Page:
Advanced Derived Column Use
If you’ve used the data flow in SSIS for any amount of data transformation logic, you will no doubt have used the Derived Column Transformation. It has many basic uses, from basic replacing of NULLs or blanks to text parsing and manipulation.
Using SSIS expressions, the Derived Column Transformation can be used for more advanced data cleansing operations than a simple single expression, such as the following:
- Advanced text code logic to identify and parse text values
- Checking for data ranges and returning a specified value
- Mathematical operations with advanced logic
- Date comparison and operations
The expression language in thorough detail. Below screenshot highlights the Derived Column Transformation expression toolbox within the Derived Column Transformation Editor.
One challenge with the Derived Column Transformation is parsing more complicated text strings and effectively using expressions without duplicating expression logic. This next section walks you through an example of pulling out information from values.
Text Parsing Example
To see an example of text mining, consider the example source data from the following list. It contains oceanographic buoy locations off the coast of the United States. Some of them are near cities, while others are in locations farther off the coast. In addition to the location, the text values also contain some codes and switches irrelevant to what you need to parse.
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6N26 /V S. HATTERAS, NC
3D13 /A EDISTO, SC
3D14 /A GRAYS REEF
6N46 /A CANAVERAL, FL
6N47 /A CANAVERAL EAST, FL
3D56 /A ST. AUGUSTINE, FL
3D55 /A FRYING PAN SHOALS
3D36 /D BILOXI, MS
3D35 /D LANEILLE, TX
3D44 /D EILEEN, TX
Can you use the Derived Column Transformation to pull out the locations embedded within the text? For locations that are near cities, can you also identify the appropriate state code? More important, can you do this efficiently and clearly?
Most ETL developers would try to do this in a single Derived Column step with one expression. They would end up with something like this:
To be sure, this code will work. It identifies text values, where the location begins, and when a location has a state code appended to it. However, the clarity of the code leaves much to be desired.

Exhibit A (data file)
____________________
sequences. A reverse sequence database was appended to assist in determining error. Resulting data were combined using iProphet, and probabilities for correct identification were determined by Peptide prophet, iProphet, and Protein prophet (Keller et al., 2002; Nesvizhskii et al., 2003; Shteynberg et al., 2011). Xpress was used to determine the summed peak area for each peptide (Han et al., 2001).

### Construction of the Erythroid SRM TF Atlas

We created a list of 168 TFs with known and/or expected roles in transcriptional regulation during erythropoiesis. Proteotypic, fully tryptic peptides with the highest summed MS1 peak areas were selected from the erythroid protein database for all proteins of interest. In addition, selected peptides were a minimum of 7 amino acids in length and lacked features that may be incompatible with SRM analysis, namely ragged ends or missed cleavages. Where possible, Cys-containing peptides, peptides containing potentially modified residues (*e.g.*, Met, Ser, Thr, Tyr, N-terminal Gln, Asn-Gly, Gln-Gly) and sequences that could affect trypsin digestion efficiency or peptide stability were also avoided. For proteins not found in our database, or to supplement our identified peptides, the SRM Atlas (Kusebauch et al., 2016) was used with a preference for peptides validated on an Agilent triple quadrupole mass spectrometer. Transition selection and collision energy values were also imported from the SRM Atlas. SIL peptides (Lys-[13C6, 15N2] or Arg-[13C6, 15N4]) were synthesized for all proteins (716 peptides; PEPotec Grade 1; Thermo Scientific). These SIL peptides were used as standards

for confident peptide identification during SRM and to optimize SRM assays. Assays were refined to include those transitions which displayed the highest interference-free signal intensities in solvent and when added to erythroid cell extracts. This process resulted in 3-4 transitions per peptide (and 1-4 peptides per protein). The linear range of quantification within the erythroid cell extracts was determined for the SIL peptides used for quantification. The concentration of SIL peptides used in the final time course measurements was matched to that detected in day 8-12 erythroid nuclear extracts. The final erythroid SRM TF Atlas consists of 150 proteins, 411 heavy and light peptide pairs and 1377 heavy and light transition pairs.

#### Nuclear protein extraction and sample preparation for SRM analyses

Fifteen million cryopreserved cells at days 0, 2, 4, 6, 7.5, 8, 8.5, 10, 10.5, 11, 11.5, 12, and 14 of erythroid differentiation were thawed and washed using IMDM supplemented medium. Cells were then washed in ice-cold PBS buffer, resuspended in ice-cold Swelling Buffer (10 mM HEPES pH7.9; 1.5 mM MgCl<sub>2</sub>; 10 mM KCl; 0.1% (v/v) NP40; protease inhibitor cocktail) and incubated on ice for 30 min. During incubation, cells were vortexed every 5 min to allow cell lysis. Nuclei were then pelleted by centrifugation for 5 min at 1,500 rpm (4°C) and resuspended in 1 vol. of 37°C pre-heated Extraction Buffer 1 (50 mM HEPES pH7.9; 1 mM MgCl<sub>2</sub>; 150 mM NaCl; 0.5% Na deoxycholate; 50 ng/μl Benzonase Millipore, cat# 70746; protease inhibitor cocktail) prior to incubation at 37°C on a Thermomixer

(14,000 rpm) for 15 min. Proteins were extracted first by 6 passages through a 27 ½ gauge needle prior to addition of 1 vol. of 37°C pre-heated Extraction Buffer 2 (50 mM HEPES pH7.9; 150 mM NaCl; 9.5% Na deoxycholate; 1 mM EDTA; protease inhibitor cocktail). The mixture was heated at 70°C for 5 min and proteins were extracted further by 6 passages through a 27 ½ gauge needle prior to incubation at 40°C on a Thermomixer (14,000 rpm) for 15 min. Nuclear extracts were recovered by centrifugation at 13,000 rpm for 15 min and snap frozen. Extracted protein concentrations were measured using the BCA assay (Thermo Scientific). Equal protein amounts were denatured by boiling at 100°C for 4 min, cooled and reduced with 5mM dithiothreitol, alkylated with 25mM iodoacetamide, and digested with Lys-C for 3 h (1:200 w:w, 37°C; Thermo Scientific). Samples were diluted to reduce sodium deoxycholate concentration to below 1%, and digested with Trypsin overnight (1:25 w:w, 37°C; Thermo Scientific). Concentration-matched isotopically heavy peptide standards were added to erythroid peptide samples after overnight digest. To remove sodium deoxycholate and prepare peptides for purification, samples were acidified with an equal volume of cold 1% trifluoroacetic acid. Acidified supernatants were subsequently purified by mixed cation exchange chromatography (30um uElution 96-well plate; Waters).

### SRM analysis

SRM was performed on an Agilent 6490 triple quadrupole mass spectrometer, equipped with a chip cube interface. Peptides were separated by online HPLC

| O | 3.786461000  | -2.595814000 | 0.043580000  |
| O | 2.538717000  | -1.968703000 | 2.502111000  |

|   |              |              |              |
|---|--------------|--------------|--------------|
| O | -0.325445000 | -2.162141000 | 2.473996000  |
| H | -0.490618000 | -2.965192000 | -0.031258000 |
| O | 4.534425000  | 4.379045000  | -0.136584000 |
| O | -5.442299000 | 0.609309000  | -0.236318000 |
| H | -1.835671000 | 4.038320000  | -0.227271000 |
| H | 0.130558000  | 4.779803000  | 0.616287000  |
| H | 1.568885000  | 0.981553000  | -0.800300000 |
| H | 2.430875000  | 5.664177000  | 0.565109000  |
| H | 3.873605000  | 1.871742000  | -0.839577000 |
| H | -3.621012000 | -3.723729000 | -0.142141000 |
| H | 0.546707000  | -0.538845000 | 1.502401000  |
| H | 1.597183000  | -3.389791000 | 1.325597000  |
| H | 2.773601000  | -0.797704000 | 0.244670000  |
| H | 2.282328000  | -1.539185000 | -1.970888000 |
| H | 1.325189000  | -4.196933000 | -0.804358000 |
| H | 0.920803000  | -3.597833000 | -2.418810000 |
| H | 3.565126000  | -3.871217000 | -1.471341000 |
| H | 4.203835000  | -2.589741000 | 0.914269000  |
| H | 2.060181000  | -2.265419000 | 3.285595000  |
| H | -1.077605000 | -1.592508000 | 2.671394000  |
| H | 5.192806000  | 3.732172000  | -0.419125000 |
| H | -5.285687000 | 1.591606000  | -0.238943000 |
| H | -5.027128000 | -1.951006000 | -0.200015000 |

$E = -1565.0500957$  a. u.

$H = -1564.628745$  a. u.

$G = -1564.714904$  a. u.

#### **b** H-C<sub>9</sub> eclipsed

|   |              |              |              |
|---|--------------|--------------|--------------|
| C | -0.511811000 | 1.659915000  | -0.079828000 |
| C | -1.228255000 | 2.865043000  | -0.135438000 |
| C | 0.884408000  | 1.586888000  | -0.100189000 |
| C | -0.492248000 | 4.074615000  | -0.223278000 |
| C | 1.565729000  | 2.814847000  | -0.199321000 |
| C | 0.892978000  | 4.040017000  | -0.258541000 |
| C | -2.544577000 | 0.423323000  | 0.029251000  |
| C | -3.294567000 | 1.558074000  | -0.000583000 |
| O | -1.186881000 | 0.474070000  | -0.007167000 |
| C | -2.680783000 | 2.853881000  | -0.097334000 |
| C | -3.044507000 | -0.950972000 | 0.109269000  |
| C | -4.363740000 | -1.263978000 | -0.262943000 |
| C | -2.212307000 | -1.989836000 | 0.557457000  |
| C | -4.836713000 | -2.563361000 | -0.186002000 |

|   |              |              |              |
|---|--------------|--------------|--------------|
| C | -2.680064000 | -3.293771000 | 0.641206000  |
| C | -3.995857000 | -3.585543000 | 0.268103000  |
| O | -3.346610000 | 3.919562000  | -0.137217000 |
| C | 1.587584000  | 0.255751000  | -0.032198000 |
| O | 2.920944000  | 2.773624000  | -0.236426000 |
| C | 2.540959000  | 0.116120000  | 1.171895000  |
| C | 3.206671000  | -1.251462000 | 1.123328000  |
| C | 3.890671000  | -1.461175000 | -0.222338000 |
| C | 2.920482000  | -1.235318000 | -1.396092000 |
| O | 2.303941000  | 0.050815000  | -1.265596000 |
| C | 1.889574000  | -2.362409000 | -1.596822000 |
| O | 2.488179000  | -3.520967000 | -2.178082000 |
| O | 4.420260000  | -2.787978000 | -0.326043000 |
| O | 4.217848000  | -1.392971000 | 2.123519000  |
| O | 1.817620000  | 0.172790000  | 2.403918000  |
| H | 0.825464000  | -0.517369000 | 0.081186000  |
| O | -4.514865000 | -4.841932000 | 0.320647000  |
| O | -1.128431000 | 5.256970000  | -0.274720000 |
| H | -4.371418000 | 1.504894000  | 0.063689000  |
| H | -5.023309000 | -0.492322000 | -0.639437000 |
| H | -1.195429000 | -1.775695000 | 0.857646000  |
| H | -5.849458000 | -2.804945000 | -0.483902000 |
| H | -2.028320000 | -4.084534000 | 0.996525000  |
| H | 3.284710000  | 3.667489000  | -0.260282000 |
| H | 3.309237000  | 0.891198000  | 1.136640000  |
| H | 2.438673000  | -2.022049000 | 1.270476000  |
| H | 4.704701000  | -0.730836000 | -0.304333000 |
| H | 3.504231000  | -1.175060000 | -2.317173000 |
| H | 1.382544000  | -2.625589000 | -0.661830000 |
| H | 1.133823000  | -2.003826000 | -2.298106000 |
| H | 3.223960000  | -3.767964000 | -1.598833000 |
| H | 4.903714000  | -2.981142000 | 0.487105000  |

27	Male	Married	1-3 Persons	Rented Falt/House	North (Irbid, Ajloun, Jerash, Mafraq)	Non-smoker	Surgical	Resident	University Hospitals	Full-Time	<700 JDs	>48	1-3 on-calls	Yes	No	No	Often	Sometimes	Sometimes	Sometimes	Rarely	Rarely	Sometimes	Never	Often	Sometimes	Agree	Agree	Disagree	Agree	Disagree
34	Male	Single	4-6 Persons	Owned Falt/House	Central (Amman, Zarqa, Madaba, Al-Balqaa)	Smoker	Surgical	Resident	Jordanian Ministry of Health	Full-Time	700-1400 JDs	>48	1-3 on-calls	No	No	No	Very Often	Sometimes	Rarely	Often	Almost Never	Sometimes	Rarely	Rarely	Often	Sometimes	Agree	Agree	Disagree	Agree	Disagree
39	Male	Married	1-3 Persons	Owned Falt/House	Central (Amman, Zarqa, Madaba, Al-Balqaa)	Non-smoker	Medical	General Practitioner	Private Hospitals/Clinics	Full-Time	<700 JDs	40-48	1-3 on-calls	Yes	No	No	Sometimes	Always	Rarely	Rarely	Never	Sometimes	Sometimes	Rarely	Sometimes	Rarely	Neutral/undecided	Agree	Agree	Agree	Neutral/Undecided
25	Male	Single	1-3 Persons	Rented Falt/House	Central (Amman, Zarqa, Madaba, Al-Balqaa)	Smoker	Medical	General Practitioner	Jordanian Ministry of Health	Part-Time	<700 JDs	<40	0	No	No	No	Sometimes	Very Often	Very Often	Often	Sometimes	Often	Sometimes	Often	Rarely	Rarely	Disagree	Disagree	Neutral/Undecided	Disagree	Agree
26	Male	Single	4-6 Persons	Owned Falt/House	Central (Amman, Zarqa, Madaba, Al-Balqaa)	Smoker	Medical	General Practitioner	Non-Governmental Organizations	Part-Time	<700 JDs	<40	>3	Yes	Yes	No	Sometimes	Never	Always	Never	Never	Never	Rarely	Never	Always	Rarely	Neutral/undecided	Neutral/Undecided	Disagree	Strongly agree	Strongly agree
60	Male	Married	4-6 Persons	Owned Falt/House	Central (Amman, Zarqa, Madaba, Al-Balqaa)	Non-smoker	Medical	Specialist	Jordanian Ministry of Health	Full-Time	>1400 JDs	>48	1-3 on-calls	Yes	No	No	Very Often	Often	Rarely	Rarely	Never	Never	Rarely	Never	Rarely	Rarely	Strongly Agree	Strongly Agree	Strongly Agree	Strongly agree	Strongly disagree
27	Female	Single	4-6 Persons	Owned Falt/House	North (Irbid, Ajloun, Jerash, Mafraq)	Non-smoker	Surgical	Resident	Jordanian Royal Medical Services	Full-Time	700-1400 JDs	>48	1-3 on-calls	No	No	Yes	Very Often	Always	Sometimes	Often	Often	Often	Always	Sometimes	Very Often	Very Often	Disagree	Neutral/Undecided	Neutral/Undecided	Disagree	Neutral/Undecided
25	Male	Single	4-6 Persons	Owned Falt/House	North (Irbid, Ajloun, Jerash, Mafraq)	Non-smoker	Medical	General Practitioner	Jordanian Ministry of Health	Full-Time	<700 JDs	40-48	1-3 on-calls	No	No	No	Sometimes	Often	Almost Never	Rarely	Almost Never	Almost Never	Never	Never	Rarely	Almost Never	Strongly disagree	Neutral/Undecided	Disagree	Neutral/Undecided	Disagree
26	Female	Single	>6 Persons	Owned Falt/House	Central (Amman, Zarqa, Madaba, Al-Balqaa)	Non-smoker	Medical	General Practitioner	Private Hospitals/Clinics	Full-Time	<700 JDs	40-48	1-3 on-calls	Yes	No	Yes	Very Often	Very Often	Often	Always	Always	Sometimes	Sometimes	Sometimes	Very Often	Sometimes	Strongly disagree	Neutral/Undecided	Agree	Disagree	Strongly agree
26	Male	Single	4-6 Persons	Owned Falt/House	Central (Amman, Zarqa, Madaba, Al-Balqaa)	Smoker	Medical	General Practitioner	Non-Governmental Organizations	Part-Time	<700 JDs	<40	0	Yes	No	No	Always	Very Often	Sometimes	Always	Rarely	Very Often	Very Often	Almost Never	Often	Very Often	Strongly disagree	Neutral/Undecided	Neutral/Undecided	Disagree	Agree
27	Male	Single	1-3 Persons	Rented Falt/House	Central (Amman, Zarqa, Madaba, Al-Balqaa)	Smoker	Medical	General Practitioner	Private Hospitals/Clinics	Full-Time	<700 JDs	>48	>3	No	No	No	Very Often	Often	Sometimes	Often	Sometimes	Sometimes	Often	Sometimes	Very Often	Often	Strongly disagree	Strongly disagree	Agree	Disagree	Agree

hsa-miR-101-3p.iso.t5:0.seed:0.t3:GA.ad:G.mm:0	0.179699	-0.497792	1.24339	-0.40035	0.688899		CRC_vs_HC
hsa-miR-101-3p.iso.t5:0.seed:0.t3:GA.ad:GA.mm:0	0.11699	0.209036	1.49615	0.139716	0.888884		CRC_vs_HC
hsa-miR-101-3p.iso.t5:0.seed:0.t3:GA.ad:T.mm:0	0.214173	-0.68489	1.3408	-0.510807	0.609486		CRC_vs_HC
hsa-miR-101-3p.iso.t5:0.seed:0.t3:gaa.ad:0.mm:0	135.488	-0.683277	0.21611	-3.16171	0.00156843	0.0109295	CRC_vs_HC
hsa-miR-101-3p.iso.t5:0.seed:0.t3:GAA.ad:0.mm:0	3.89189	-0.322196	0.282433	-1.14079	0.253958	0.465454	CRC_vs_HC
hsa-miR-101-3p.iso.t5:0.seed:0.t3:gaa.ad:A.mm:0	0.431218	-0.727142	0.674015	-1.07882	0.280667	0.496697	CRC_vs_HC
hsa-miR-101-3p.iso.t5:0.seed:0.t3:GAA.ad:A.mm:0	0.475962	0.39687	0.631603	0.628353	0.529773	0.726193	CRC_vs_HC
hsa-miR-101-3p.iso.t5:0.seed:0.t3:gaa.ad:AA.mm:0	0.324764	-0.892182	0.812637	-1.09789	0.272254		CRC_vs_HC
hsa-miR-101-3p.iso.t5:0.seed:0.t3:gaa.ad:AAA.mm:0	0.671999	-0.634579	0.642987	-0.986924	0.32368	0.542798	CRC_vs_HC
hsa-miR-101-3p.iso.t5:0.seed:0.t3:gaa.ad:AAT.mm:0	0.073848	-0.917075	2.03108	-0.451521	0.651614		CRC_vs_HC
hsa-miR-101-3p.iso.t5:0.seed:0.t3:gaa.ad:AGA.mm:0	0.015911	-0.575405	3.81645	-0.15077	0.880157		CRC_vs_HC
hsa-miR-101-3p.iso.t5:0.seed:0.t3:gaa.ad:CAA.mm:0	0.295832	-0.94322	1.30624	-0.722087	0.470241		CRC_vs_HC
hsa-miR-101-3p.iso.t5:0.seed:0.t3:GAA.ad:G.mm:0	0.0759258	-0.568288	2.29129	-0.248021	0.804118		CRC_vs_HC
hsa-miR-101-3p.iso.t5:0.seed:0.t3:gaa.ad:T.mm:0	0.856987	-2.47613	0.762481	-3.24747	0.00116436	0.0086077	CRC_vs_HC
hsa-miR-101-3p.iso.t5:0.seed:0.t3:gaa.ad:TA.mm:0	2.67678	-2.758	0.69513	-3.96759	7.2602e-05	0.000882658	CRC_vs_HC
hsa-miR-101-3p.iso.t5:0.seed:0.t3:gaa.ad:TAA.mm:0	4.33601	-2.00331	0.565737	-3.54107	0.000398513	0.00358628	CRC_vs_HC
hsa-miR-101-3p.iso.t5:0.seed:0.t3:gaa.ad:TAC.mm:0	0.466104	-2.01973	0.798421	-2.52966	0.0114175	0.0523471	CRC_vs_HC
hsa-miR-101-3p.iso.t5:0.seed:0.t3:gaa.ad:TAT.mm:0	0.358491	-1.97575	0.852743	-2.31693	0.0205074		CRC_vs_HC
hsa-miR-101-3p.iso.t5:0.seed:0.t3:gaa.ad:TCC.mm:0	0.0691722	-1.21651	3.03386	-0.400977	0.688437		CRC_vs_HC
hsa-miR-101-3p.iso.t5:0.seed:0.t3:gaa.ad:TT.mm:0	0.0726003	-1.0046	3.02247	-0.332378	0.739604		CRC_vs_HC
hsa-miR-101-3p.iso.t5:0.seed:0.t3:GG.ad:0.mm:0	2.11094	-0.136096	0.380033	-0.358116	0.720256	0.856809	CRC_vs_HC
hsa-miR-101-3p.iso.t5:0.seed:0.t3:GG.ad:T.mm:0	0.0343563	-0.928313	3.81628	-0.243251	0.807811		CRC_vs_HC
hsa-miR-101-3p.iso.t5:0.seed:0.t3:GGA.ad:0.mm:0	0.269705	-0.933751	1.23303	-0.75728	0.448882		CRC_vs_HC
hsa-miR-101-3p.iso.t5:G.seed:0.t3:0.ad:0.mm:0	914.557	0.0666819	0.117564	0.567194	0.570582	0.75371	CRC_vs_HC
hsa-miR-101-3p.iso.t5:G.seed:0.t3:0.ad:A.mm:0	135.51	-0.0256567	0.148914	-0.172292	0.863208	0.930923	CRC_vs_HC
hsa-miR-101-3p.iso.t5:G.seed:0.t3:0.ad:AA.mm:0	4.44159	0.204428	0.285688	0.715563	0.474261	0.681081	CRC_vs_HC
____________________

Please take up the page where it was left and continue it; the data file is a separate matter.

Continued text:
One thing you can notice in the preceding code is the redundancy of some expressions. For example, it is replacing a NULL value in the Location column with “Unknown“. In addition, several FINDSTRING functions are used to locate the “/” in the code.
A better approach is to break the code into multiple steps. below the screen shot shows illustrates a Data Flow that contains two Derived Column Transformations.
The first Derived Column Transformation performs a few preparation steps in the data that is then used in the second transformation.Below screen shot highlights the expressions used in the first “Parsing Preparation” transformation.
This transformation performs the three common expressions needed to handle the string logic that pulls out the location information from the data:
- LocationPosition: This new column simply identifies where the “/” is in the code, since that is immediately before the location is named.
- StatePosition: This expression looks for the existence of a comma (,), which would indicate that the location is a city with an accompanying state as part of the location description.
- Location: This column is replaced with “Unknown” if the Location value is missing.
With these preparation steps, the expression logic needed to perform the parsing of the text becomes a lot cleaner. The following code is part of the second Derived Column Transformation, which parses out the name of the location:
Now the expression is more readable and easier to follow. Note that to employ this approach, you need to break your Data Flow into two Derived Column Transformations because in order for expression logic to reference a Data Flow column, it must be available in the input of the transformation.
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